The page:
The full-service Penn State College of Medicine Genome Sciences Facility provides consultation, instrumentation and services to both Penn State and non-Penn State investigators in genomic, epigenomic and transcriptomic studies.
The variety of instrumentation allows for capabilities ranging from highly focused analysis of candidate SNPs and mRNAs to whole genome, exome, epigenome and transcriptome sequencing. Services are also available for a variety of study designs extending from a few laboratory samples to large clinical projects involving hundreds or thousands of samples. The full bioinformatics service is also available for data analysis.
The facility receives either tissue, DNA/RNA or customer-generated NGS libraries. Samples are processed based on agreement reached during consultations on the design of the experiment. The facility develops new applications to accommodate state-of-the-art NGS technologies. Facility personnel conduct sequence-read alignment, secondary analysis (quantitation, variant calling, functional annotation, visualization, etc.) and follow-up with the interpretation of the results. The facility also provides support for grant writing and hands-on training for students and postdocs in NGS processing.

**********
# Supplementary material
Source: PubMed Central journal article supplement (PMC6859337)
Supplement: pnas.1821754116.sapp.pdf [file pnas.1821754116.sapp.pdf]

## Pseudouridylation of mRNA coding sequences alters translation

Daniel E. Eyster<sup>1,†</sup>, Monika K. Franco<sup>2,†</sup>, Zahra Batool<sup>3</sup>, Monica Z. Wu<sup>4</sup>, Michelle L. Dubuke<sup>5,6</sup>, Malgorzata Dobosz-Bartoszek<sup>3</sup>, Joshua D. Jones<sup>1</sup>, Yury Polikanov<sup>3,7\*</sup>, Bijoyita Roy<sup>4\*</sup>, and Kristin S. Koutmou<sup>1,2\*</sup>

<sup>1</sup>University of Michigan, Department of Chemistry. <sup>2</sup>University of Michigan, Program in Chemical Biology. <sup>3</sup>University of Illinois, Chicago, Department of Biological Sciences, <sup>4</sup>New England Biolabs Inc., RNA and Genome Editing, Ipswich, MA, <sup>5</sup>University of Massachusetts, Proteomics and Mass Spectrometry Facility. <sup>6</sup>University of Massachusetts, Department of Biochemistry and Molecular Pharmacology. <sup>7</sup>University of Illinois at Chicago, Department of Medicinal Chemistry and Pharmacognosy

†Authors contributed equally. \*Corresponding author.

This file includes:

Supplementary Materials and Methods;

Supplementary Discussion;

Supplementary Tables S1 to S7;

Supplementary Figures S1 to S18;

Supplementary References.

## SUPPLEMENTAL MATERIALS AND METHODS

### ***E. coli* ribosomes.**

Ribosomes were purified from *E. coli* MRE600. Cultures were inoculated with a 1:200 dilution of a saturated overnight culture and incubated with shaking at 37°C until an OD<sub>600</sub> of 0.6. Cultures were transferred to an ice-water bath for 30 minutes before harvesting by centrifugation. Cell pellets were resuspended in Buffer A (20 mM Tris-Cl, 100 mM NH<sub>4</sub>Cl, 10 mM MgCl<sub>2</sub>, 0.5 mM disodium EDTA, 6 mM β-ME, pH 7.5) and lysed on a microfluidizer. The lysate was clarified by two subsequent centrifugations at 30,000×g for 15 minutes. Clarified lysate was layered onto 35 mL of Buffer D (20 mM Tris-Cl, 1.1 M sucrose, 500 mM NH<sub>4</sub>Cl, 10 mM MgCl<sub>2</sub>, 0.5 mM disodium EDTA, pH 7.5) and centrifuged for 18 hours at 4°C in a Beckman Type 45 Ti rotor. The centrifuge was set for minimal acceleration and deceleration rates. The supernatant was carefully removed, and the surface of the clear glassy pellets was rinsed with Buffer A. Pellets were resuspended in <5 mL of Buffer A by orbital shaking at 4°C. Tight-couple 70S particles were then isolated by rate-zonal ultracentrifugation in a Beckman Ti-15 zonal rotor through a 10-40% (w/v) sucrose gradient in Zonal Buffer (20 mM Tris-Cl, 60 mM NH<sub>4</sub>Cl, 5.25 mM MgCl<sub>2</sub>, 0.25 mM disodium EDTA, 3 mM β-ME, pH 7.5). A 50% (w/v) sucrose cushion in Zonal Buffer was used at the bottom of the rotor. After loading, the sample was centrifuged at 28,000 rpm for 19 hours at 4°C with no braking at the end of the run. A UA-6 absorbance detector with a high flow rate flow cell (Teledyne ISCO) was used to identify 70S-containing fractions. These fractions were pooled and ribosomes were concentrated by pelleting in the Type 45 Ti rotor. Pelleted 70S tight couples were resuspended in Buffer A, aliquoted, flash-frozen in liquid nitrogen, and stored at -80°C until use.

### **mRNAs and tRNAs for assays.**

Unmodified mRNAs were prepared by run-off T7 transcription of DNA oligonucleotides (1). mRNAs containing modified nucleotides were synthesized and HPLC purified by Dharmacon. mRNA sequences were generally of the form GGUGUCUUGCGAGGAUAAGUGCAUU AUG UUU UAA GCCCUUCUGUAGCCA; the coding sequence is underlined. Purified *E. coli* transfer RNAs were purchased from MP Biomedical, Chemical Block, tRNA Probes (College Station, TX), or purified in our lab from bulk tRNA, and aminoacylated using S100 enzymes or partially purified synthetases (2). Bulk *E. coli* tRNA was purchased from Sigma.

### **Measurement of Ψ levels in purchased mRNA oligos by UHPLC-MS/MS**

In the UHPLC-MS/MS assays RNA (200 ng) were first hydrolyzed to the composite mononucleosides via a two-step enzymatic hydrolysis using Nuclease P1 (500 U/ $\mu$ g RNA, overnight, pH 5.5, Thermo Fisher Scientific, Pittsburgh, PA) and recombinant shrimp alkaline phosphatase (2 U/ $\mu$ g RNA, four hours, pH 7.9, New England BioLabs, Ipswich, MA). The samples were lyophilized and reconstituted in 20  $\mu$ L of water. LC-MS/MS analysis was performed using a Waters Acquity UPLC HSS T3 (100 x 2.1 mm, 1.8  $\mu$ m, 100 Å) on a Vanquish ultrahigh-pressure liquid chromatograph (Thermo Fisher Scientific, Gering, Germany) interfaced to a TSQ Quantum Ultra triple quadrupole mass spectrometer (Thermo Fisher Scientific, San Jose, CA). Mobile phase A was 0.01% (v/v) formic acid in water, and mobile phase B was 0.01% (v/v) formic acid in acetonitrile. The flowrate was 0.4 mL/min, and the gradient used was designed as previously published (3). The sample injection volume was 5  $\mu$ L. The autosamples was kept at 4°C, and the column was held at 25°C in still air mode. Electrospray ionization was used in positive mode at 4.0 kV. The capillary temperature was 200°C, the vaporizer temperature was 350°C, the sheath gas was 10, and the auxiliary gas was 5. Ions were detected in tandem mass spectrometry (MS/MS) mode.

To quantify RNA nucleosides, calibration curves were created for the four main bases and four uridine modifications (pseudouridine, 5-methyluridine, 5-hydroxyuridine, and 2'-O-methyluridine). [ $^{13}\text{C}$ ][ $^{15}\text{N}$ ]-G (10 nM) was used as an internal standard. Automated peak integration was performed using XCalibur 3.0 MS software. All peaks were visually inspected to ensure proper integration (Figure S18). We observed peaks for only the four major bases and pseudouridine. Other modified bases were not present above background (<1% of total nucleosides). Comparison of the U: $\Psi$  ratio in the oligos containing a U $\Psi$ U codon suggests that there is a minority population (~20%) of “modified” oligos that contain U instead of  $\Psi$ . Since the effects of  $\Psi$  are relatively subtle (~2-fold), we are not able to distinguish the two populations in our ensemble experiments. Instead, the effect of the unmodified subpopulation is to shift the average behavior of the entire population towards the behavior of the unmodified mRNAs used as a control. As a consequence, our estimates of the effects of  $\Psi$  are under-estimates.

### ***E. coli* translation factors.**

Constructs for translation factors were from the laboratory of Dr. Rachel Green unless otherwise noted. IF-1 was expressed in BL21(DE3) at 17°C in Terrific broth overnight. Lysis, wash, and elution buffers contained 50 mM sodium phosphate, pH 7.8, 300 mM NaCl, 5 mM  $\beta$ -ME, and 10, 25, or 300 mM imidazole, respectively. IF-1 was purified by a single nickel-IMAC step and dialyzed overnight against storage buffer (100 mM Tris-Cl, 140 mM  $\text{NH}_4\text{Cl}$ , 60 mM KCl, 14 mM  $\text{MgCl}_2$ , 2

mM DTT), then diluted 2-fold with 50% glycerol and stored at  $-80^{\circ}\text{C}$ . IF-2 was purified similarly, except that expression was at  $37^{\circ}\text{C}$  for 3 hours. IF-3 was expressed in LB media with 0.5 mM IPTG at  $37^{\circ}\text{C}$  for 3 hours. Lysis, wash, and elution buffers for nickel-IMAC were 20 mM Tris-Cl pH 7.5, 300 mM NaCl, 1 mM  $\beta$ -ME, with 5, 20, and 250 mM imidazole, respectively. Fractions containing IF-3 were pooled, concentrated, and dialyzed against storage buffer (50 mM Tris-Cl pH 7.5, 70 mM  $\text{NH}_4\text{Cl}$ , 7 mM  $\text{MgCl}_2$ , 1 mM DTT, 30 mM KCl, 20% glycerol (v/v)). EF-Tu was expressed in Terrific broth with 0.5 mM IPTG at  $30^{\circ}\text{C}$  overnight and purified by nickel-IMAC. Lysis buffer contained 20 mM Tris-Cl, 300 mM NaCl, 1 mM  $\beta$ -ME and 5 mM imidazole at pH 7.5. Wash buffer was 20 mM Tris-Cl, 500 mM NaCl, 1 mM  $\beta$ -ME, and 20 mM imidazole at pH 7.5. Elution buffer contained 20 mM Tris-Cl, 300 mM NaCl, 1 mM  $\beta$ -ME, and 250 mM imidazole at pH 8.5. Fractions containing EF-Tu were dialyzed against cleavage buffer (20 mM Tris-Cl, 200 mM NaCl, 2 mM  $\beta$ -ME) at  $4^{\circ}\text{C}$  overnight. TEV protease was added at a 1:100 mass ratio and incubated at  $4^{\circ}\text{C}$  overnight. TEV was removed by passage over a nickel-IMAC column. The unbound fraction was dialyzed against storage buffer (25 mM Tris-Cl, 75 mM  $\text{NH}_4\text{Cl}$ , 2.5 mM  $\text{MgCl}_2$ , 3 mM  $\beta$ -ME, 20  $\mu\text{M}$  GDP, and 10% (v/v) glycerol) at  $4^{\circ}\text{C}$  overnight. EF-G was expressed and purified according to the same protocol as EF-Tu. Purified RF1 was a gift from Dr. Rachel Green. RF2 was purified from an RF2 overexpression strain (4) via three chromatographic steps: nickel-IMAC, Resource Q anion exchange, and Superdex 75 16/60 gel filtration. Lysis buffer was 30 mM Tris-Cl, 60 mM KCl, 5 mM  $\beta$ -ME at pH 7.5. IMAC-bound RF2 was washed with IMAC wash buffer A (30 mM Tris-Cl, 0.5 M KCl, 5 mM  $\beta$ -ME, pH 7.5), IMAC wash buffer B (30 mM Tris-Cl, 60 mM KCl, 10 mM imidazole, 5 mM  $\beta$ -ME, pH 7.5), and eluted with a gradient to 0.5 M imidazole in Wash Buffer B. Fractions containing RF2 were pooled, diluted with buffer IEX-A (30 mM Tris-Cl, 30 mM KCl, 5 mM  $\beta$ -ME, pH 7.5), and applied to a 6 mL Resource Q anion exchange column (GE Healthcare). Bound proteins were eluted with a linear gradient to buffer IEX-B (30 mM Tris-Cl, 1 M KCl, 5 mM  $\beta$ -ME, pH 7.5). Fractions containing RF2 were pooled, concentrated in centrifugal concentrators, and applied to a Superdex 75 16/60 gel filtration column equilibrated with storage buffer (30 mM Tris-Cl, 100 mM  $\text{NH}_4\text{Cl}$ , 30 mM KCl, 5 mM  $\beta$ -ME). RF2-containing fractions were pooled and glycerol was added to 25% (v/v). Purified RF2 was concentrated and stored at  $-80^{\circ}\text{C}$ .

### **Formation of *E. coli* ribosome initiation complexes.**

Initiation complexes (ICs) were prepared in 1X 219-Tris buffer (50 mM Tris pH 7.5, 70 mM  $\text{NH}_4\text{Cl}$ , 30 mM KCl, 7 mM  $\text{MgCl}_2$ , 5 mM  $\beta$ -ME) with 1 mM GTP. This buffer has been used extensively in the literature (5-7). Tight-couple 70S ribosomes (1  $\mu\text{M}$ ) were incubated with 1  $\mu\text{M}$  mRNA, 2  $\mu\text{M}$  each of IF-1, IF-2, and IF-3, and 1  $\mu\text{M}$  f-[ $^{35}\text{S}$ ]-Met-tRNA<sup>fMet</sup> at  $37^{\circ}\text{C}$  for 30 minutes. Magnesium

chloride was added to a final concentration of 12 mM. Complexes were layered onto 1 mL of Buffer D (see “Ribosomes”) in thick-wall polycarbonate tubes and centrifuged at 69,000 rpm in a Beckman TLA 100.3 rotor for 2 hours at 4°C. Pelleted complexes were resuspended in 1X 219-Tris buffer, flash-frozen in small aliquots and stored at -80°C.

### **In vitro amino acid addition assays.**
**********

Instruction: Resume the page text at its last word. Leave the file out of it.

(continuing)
The facility resides in 5,000 square feet of newly renovated space, encompassing separate “pre-amplification” and “post-amplification” rooms to prevent any contamination of PCR-amplified materials to pre-processed input DNA/RNA samples. Four well-experienced staff members are available for assisting in project operations. In addition, the lab space is available for investigators who need temporary room for sample preparation.
All projects, submissions and pricing checks must be done through iLab.
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Instrumentation and Services